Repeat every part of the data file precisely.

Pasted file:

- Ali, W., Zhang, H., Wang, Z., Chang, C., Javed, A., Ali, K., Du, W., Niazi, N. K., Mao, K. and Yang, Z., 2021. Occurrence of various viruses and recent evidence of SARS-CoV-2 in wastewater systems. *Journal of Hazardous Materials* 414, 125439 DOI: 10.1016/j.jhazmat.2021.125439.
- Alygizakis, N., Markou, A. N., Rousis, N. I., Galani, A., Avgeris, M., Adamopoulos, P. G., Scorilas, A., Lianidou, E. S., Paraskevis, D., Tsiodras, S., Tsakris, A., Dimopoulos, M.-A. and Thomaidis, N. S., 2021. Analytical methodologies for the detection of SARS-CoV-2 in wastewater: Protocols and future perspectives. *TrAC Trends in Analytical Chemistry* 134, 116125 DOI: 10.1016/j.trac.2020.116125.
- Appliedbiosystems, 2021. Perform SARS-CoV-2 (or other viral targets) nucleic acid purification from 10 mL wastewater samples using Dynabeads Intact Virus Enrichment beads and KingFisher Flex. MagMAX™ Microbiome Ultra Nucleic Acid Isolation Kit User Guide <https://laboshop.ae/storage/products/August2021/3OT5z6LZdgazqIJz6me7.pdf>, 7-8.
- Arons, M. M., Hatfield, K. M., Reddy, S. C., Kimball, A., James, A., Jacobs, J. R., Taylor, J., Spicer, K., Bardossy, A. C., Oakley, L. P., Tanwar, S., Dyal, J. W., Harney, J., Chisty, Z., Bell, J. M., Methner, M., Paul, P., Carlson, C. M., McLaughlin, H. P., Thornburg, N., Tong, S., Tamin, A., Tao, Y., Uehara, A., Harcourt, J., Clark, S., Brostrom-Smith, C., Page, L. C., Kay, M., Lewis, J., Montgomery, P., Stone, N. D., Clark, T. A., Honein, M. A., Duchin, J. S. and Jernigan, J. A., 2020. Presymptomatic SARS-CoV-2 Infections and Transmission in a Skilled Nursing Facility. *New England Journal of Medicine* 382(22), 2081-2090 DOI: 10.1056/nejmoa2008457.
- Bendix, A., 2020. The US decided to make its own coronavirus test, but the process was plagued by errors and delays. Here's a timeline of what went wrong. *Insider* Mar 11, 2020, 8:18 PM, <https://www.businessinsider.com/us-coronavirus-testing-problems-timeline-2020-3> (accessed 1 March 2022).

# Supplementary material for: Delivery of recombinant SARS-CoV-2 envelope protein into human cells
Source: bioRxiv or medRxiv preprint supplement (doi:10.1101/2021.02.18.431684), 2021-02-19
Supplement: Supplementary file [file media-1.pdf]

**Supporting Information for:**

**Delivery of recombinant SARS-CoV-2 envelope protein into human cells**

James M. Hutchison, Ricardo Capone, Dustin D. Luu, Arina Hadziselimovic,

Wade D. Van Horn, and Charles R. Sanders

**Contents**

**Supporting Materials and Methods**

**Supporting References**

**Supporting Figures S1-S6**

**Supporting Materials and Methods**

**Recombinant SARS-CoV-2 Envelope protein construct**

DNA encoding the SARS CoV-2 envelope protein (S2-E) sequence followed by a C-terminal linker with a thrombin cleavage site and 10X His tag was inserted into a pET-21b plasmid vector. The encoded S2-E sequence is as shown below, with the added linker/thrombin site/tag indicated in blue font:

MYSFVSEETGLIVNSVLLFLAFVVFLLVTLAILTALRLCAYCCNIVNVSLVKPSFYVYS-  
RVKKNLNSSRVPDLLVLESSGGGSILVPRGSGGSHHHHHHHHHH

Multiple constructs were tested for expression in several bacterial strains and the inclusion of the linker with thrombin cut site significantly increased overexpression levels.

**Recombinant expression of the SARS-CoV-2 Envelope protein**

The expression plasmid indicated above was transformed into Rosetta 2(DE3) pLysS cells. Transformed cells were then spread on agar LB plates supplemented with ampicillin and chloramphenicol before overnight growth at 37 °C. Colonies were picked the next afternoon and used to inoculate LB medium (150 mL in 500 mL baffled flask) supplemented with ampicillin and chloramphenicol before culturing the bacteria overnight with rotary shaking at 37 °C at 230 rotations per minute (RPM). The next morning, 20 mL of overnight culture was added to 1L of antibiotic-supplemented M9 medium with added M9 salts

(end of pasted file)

- Ali, W., Zhang, H., Wang, Z., Chang, C., Javed, A., Ali, K., Du, W., Niazi, N. K., Mao, K. and Yang, Z., 2021. Occurrence of various viruses and recent evidence of SARS-CoV-2 in wastewater systems. *Journal of Hazardous Materials* 414, 125439 DOI: 10.1016/j.jhazmat.2021.125439.
- Alygizakis, N., Markou, A. N., Rousis, N. I., Galani, A., Avgeris, M., Adamopoulos, P. G., Scorilas, A., Lianidou, E. S., Paraskevis, D., Tsiodras, S., Tsakris, A., Dimopoulos, M.-A. and Thomaidis, N. S., 2021. Analytical methodologies for the detection of SARS-CoV-2 in wastewater: Protocols and future perspectives. *TrAC Trends in Analytical Chemistry* 134, 116125 DOI: 10.1016/j.trac.2020.116125.
- Appliedbiosystems, 2021. Perform SARS-CoV-2 (or other viral targets) nucleic acid purification from 10 mL wastewater samples using Dynabeads Intact Virus Enrichment beads and KingFisher Flex. MagMAX™ Microbiome Ultra Nucleic Acid Isolation Kit User Guide <https://laboshop.ae/storage/products/August2021/3OT5z6LZdgazqIJz6me7.pdf>, 7-8.
- Arons, M. M., Hatfield, K. M., Reddy, S. C., Kimball, A., James, A., Jacobs, J. R., Taylor, J., Spicer, K., Bardossy, A. C., Oakley, L. P., Tanwar, S., Dyal, J. W., Harney, J., Chisty, Z., Bell, J. M., Methner, M., Paul, P., Carlson, C. M., McLaughlin, H. P., Thornburg, N., Tong, S., Tamin, A., Tao, Y., Uehara, A., Harcourt, J., Clark, S., Brostrom-Smith, C., Page, L. C., Kay, M., Lewis, J., Montgomery, P., Stone, N. D., Clark, T. A., Honein, M. A., Duchin, J. S. and Jernigan, J. A., 2020. Presymptomatic SARS-CoV-2 Infections and Transmission in a Skilled Nursing Facility. *New England Journal of Medicine* 382(22), 2081-2090 DOI: 10.1056/nejmoa2008457.
- Bendix, A., 2020. The US decided to make its own coronavirus test, but the process was plagued by errors and delays. Here's a timeline of what went wrong. *Insider* Mar 11, 2020, 8:18 PM, <https://www.businessinsider.com/us-coronavirus-testing-problems-timeline-2020-3> (accessed 1 March 2022).

# Supplementary material for: Delivery of recombinant SARS-CoV-2 envelope protein into human cells
Source: bioRxiv or medRxiv preprint supplement (doi:10.1101/2021.02.18.431684), 2021-02-19
Supplement: Supplementary file [file media-1.pdf]

**Supporting Information for:**

**Delivery of recombinant SARS-CoV-2 envelope protein into human cells**

James M. Hutchison, Ricardo Capone, Dustin D. Luu, Arina Hadziselimovic,

Wade D. Van Horn, and Charles R. Sanders

**Contents**

**Supporting Materials and Methods**

**Supporting References**

**Supporting Figures S1-S6**

**Supporting Materials and Methods**

**Recombinant SARS-CoV-2 Envelope protein construct**

DNA encoding the SARS CoV-2 envelope protein (S2-E) sequence followed by a C-terminal linker with a thrombin cleavage site and 10X His tag was inserted into a pET-21b plasmid vector. The encoded S2-E sequence is as shown below, with the added linker/thrombin site/tag indicated in blue font:

MYSFVSEETGLIVNSVLLFLAFVVFLLVTLAILTALRLCAYCCNIVNVSLVKPSFYVYS-  
RVKKNLNSSRVPDLLVLESSGGGSILVPRGSGGSHHHHHHHHHH

Multiple constructs were tested for expression in several bacterial strains and the inclusion of the linker with thrombin cut site significantly increased overexpression levels.

**Recombinant expression of the SARS-CoV-2 Envelope protein**

The expression plasmid indicated above was transformed into Rosetta 2(DE3) pLysS cells. Transformed cells were then spread on agar LB plates supplemented with ampicillin and chloramphenicol before overnight growth at 37 °C. Colonies were picked the next afternoon and used to inoculate LB medium (150 mL in 500 mL baffled flask) supplemented with ampicillin and chloramphenicol before culturing the bacteria overnight with rotary shaking at 37 °C at 230 rotations per minute (RPM). The next morning, 20 mL of overnight culture was added to 1L of antibiotic-supplemented M9 medium with added M9 salts